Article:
Park Jun Hyeong


North Korea on the Cusp of Digital Transformation

Tuesday, November 1st, 2011

The Nautilus Institute has published a new paper by Alexandre Mansurov on the DPRK’s communication and technology sectors.  The press release and a link to the paper are below:


The DPRK mobile communications industry has crossed the Rubicon, and the North Korean government can no longer roll it back without paying a severe political price. The most the authorities can do now is probably to manage its rapid expansion in such a way that will ensure that the interests of the political regime and state security are taken care of first.

While traditionally, the State Security Department monitored most communications on a daily basis, the implication of this explosion of mobile phone use is that communication in North Korea has transitioned from a panopticon of total control to a voluntary compliance system where the government makes an example of a select group to try and force the rest of the country to stay in line.

Alexandre Y. Mansourov, a Nautilus Institute Senior Associate, comprehensively examines information technology in North Korea. As of 2008 the regime launched a world-class 3G mobile communications service, which gained almost 700,000 users in less than three years of operation, revealing an insatiable demand for more robust and extensive telecommunications services among the North Korean general population.

Download the report here

About the Nautilus Institute: Since its founding in 1992, the Nautilus Institute ( has evolved into a thriving public policy think-tank and community resource. The Institute addresses a myriad of critical security and sustainability issues including the United States nuclear policy in Korea and energy, resource and environmental insecurity in Northeast Asia. Over the years, Nautilus has built a reputation for innovative research and analysis of critical global problems and translating ideas into practical solutions, often with high impact.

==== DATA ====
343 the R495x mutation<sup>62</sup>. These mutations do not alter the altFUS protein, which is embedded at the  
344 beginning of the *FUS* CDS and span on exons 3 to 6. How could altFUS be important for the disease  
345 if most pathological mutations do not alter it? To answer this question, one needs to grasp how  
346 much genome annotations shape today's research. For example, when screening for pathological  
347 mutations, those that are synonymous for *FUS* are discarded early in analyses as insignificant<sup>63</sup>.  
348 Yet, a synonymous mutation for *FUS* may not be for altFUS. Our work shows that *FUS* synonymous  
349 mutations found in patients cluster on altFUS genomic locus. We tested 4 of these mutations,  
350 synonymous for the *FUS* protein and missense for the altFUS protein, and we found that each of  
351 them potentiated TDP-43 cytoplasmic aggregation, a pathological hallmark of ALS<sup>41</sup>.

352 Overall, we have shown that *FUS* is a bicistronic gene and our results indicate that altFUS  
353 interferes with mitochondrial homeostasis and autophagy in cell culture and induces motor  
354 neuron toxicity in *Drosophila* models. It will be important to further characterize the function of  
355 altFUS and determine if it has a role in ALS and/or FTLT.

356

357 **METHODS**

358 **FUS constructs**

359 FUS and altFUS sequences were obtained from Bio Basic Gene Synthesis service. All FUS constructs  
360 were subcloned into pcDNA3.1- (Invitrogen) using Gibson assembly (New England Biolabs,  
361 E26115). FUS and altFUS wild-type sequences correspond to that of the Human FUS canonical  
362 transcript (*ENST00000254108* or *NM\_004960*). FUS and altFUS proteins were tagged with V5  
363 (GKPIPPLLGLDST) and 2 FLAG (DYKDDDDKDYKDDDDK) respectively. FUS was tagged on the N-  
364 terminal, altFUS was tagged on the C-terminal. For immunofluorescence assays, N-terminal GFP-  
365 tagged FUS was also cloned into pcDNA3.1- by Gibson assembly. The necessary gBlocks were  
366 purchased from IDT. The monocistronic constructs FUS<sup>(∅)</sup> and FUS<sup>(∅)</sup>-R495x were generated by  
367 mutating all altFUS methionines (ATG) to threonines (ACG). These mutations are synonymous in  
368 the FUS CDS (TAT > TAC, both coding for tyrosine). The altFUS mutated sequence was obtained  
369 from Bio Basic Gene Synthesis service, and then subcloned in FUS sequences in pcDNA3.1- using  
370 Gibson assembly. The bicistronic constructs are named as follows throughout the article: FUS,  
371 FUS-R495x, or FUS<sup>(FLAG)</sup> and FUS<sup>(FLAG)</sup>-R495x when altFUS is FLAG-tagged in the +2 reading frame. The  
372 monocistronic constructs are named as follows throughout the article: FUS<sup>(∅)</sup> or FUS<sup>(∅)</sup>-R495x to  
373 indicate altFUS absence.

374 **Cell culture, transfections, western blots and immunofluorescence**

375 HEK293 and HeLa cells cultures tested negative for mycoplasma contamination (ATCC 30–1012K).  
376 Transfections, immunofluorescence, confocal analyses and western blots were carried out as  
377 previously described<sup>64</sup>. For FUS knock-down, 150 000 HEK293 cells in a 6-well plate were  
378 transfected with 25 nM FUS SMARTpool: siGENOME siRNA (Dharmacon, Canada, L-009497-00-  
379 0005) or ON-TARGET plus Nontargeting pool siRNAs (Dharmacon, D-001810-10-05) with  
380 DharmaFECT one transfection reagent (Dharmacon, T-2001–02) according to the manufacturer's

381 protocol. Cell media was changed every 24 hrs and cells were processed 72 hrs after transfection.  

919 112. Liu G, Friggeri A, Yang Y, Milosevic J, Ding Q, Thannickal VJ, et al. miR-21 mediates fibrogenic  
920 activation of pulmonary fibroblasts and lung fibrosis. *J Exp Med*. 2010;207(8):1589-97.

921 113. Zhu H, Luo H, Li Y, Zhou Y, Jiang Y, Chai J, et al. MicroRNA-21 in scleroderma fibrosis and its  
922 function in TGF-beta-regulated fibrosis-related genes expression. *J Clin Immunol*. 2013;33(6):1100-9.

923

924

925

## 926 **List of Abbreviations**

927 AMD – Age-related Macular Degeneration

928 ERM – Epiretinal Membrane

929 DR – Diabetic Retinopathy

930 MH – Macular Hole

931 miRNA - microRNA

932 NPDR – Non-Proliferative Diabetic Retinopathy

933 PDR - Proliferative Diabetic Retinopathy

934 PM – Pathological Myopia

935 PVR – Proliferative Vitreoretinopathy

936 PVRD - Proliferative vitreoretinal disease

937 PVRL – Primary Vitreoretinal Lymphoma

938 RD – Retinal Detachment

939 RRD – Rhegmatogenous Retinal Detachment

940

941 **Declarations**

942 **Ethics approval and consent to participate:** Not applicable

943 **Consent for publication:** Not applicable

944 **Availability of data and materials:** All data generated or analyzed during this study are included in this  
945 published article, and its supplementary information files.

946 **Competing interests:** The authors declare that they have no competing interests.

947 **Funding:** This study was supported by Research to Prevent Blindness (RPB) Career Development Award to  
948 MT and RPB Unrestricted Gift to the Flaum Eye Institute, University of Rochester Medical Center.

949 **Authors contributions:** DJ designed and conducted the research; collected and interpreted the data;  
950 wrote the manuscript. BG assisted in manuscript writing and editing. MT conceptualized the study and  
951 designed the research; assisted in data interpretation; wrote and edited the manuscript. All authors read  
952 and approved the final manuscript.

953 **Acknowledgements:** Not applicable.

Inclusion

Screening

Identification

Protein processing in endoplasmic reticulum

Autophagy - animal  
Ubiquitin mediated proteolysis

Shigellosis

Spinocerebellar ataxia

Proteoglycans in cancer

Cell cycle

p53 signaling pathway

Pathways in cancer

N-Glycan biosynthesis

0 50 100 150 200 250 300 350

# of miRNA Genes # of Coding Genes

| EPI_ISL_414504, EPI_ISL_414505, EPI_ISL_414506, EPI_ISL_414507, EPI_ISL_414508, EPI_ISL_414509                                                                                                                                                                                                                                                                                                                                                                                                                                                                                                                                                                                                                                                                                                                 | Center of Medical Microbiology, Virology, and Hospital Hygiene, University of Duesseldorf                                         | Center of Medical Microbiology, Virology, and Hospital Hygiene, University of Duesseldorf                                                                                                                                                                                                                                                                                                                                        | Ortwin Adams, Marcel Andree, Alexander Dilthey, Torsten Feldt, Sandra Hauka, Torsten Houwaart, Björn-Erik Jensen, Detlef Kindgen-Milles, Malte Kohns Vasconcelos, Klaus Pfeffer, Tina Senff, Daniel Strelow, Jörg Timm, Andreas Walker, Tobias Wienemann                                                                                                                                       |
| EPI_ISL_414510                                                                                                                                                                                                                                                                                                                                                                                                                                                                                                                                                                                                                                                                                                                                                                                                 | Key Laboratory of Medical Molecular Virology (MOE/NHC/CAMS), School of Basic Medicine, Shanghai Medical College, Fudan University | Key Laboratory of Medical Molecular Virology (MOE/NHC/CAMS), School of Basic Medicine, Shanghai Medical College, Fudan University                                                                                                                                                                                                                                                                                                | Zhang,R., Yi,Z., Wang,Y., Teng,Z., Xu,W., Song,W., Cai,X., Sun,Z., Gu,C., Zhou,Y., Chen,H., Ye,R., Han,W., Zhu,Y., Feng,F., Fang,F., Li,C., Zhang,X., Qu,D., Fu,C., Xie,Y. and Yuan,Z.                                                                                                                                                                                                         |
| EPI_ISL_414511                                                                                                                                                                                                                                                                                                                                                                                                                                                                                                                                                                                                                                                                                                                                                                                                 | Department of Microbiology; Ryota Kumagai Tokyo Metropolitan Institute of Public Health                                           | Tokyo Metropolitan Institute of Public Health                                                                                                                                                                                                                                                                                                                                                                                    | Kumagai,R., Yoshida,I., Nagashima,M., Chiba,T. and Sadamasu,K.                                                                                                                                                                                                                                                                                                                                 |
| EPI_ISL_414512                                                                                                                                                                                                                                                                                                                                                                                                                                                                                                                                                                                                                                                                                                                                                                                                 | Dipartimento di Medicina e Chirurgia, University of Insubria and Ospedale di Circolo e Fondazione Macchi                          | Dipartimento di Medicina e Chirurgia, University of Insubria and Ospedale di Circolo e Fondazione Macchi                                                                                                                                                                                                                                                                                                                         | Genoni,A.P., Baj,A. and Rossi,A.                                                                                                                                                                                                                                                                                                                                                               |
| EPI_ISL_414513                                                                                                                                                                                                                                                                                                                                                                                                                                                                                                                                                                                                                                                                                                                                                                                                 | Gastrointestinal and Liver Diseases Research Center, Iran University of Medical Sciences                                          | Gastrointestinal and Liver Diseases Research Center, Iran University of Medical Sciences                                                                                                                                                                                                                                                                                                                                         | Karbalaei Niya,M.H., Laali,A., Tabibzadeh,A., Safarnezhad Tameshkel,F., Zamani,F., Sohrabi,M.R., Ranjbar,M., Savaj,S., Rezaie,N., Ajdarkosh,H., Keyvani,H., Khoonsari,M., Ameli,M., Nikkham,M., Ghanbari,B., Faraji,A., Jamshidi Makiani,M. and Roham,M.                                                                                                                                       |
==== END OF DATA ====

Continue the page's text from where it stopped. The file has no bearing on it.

For more information, contact the Nautilus Institute at [email protected] or at 415 422 5523.

Here is Yonahp coverage of the report.


Orascom plans to offer mobile Internet service in DPRK

Wednesday, October 19th, 2011

Via Geoffrey See at Choson Exchange:

On my last trip to Pyongyang, I had the opportunity to catch up with some Egyptian expatriates from Orascom Telecom Holding over popcorn and whiskey. They were also kind enough to bring our team clubbing into the wee hours of morning.

Orascom Holdings is three companies each headed by a different brother of the Orascom family. Orascom Telecoms is headed by Naguib Sawiris, while the resorts arm Orascom Development is run by Samir Sawiris, and the construction arm Orascom Construction by another brother. All three brothers have stakes in different assets in North Korea, with the infamous Ryuggyong Hotel owned by Samih Sawiris. As of May 2010, when I had met Samih Sawiris in Switzerland, he had yet to visit Pyongyang. Recent pictures from Pyongyang indicate that this has changed.

The most exciting development to us was Orascom’s 3G Internet service which was still under the testing phase. The plan is to roll out this service in the near future, although the service will only be available to resident foreigners in the initial phase. Approval for this service to be provided on a larger-scale to North Korean citizens, in any censored form, has yet to be given although the infrastructure to do so is in place. For foreign residents in Pyongyang, the service could offer cost-savings of up to 60-80 percent over current satellite internet offerings. There is no information on what security trade-off such a service might entail.

We also discussed text advertising and the current mobile service business. While text advertising is possible, there has yet to be approval for the company to run such a service. Currently, handsets cost Euro 50 each and there is a monthly subscription fee of 900 Won (we are not sure how this cost scales with usage). For reference, the unofficial exchange rate has fluctuated around 2500 to 3500 Won to 1 Euro this year.

Click here to see previous posts about Orascom and cell phones in the DPRK.


KCC finding creative ways to earn hard currency

Thursday, August 4th, 2011